The long awaited battle between China and the United States has begun, but it isn’t over the islands that China calls Diaoyu and Japan calls Senkaku, and which Washington now says are covered under the US-Japan security treaty.
The real battle, as it turns out, is over auto parts, with the US filing on Monday a complaint against China at the WTO
alleging Beijing subsidizes the exports worth $7.2 billion to the US market. The US is hitting back at the duties Beijing imposed ($3.3 billion) on its exports of autos and SUVs to the Chinese market.
Meanwhile, on Daiaoyu/Senkaku as such, there is a perceptible pullback. The tensions seemed to have served a valuable purpose for both Tokyo and Beijing, as the xenophobia helped whip up nationalist frenzy, which in turn diverted attention from political problems at home in both countries. No one in his right senses would have taken the beating of war drums seriously as more than rhythmic band music.
The real winner of the Daiaoyu/Senkaku tensions of the past few weeks is of course Washington. It utilized the developing tide of nationalism in Japan to get away with the deployment of the anti-ballistic missile defence system [BMD] on Japanese soil. It’s a first-class scoop. With this, the US’ BMD arc around Russia is further tightening.
The BMD deployment in Japan is supposedly against North Korea’s missiles, while Russian commentators insist it is against China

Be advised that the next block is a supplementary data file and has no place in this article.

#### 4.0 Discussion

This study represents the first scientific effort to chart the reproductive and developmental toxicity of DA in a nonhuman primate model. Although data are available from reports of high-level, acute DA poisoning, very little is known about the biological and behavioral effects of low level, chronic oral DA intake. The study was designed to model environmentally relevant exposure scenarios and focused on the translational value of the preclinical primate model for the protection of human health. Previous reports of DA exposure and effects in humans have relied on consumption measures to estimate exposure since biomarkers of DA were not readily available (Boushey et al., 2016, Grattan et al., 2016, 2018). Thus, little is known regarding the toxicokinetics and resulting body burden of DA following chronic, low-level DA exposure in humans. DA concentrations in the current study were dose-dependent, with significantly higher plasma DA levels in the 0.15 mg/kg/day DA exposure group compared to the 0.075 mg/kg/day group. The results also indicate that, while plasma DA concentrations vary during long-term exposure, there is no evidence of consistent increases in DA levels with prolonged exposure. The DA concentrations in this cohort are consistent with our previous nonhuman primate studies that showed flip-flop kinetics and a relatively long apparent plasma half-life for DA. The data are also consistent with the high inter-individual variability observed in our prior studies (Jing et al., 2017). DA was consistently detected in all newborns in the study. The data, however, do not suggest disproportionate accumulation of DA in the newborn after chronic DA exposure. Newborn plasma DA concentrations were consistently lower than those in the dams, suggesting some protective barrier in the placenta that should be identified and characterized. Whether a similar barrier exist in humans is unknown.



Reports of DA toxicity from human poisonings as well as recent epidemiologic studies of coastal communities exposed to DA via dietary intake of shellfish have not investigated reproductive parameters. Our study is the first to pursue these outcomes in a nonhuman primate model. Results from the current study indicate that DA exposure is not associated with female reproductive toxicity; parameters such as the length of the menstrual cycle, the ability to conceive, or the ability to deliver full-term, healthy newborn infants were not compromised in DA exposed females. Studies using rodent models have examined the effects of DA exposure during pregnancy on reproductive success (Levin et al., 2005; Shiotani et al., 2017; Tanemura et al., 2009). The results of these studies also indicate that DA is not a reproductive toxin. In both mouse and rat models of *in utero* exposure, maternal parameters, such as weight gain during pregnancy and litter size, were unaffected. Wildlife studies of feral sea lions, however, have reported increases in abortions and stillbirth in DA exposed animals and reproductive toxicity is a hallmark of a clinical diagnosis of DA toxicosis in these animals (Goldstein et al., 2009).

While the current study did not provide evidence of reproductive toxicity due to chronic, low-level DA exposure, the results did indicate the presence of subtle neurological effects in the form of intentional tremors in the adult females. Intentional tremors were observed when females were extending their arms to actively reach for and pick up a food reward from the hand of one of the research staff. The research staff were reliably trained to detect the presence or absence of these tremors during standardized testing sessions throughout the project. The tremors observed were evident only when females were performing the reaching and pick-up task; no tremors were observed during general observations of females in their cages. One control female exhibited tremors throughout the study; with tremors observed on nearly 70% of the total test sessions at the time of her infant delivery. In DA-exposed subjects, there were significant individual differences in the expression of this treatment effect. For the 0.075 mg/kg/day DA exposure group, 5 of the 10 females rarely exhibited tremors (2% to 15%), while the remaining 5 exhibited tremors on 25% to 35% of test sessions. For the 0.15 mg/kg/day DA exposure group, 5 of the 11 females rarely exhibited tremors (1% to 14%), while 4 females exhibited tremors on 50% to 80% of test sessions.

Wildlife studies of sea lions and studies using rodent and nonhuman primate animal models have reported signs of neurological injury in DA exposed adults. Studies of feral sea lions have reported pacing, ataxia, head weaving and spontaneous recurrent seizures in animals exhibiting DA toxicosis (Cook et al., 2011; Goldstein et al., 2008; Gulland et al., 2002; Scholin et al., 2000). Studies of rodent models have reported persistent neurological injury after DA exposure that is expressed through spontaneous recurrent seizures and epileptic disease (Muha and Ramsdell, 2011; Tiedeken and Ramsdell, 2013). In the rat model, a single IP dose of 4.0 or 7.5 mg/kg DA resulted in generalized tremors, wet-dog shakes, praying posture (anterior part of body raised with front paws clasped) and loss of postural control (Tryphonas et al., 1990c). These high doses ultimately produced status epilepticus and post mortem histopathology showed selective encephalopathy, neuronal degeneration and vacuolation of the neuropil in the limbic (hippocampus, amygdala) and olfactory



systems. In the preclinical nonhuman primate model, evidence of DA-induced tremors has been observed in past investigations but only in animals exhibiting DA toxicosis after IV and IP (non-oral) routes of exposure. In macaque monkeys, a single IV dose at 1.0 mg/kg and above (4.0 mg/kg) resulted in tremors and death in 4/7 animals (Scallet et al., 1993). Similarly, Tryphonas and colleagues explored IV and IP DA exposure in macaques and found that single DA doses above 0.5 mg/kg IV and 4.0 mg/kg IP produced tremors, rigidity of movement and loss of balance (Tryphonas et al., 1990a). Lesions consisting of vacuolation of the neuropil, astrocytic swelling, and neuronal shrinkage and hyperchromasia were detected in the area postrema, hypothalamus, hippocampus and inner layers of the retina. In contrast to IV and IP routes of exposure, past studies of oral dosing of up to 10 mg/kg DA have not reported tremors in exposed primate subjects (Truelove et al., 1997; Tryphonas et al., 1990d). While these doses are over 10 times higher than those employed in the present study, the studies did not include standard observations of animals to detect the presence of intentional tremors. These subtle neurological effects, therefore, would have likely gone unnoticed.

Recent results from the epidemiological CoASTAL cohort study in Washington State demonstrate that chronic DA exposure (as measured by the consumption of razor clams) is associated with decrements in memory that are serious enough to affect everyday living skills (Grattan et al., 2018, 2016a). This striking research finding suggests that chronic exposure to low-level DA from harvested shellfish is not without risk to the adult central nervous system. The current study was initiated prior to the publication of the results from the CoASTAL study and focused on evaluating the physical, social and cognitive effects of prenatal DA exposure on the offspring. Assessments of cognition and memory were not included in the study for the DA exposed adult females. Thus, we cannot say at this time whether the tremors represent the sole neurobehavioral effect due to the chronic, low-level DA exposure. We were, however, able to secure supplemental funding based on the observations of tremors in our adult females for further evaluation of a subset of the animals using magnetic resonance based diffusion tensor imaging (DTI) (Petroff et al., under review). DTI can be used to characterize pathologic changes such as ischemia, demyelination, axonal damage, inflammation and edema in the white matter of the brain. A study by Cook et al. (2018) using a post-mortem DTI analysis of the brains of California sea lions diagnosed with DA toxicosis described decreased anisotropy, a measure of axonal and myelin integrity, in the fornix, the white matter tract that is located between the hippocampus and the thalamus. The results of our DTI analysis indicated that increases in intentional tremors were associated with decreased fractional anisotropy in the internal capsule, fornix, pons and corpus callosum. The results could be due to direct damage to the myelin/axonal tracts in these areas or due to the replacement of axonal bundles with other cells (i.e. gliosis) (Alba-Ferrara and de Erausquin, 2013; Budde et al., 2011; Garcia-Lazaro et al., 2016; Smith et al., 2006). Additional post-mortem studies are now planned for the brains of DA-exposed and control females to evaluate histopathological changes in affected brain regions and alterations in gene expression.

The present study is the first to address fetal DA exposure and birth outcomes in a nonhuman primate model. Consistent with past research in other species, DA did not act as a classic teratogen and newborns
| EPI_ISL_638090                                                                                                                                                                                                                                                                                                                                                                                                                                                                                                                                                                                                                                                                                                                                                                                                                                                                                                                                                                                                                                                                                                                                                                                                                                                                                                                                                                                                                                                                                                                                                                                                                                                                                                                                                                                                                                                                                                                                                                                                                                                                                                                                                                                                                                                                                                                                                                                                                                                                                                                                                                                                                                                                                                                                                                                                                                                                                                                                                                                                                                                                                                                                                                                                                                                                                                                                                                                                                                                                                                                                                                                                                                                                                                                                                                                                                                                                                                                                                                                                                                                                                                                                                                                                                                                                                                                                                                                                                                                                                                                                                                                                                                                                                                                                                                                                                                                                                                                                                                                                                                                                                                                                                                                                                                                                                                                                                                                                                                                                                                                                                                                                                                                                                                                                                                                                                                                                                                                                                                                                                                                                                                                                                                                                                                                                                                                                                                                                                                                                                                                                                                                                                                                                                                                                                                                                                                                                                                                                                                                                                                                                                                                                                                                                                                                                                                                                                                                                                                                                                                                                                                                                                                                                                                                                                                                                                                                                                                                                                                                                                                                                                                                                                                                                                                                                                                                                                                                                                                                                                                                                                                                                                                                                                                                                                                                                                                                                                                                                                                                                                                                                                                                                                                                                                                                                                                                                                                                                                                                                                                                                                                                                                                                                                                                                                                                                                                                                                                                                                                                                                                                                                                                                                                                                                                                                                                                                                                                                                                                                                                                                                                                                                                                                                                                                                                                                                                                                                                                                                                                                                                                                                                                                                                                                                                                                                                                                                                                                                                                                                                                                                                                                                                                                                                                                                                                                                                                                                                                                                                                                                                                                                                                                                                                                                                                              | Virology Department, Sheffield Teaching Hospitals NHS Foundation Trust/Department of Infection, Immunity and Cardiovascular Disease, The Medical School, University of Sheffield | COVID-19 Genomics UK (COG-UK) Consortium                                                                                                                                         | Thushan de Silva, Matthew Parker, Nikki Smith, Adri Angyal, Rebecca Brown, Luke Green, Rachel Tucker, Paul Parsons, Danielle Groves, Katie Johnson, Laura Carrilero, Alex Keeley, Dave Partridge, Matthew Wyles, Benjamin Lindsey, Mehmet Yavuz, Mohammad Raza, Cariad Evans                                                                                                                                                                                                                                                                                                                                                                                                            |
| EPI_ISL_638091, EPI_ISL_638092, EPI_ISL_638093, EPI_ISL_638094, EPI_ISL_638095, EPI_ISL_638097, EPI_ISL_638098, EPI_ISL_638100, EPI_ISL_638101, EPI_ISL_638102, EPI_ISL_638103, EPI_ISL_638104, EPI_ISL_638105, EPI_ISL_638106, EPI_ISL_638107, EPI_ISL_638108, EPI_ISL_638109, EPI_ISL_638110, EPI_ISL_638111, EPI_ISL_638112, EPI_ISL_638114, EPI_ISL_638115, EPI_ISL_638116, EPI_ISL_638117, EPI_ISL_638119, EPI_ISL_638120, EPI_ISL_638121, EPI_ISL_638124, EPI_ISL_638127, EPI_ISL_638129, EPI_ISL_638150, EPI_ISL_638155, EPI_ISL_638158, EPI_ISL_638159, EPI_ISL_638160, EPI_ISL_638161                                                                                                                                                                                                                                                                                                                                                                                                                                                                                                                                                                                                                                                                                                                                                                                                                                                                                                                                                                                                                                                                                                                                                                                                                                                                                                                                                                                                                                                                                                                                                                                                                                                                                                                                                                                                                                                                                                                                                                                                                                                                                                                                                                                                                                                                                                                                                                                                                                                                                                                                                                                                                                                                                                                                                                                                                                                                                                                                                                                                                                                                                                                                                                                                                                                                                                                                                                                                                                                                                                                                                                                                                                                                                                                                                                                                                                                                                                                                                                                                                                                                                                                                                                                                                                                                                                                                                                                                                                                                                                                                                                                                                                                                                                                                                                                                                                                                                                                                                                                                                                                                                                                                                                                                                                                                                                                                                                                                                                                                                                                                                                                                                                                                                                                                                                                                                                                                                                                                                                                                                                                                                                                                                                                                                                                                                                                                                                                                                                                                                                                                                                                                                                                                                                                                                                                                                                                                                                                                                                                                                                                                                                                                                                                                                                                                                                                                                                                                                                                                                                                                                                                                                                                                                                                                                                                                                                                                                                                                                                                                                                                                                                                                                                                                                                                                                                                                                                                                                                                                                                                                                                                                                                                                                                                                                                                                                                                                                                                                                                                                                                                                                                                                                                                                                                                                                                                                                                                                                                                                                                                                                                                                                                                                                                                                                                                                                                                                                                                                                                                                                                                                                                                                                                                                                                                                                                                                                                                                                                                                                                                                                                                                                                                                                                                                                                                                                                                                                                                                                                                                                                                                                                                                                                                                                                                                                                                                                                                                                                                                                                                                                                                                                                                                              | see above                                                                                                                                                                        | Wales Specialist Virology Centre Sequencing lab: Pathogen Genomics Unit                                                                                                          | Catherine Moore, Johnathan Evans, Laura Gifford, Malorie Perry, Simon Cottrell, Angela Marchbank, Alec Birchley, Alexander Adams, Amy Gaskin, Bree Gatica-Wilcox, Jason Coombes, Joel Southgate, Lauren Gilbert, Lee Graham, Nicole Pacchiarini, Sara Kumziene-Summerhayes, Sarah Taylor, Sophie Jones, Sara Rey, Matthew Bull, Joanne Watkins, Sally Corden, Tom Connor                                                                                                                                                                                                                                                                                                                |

, but in reality, it is part of the US’ global strategy to establish nuclear superiority, which entails deflating Russia’s assertions of keeping a global strategic balance with the US despite its loss of superpower status.
China’s missile capability and its nuclear weapons are at a rudimentary stage of development and it will take a few decades before Beijing could challenge the US. Meanwhile, for the foreseeable future, it is Russia which is the only power on earth that can destroy the US. Plainly put, Washington would like to reduce Russia into one of the regional powers in Eurasia. The BMD deployment in Japan is in continuation of the ring that the US has put around the European part of Russia already, and along Turkey and Qatar in the Persian Gulf.
The BMD issue is unlikely to become a shared concern for Russia and China. Just as Russia is smart enough to remain “non-aligned” with regard to China’s travails in the Asia-Pacific, Beijing also may leave Russia to come to terms with the US’ BMD broth on its own. In fact, the Global Times even suggested
that the US-Russia differences over BMD issue are not to be taken seriously.
Obviously, China is concerned about the BMD deployments in Japan and its concerns are indeed similar to Russia’s
, but it would like to develop its own options its own way (with Chinese characteristics), without getting mixed up with Russia’s concerns. These are rare moments when the complexities of Russia-China “comprehensive cooperative strategic partnership of coordination” sail into view.
At the end of the day, China enjoys a far more agreeable “reputation” than Russia in the US. The latest Pew Research Centre project report should be an eyeopener. Most Americans regard China as a competitor than as an enemy. There is trust deficit, no doubt. But, interestingly, American expert opinion (and the viewpoints within the US establishment) are distinctly helpful for China.
Only about 30% of opinion within the strategic community would regard China’s emergence as a world power as posing a threat to the US. The hiatus between public perceptions of China and the informed opinion is startling — almost a mirror image of the Indian predicament. The Pew report is here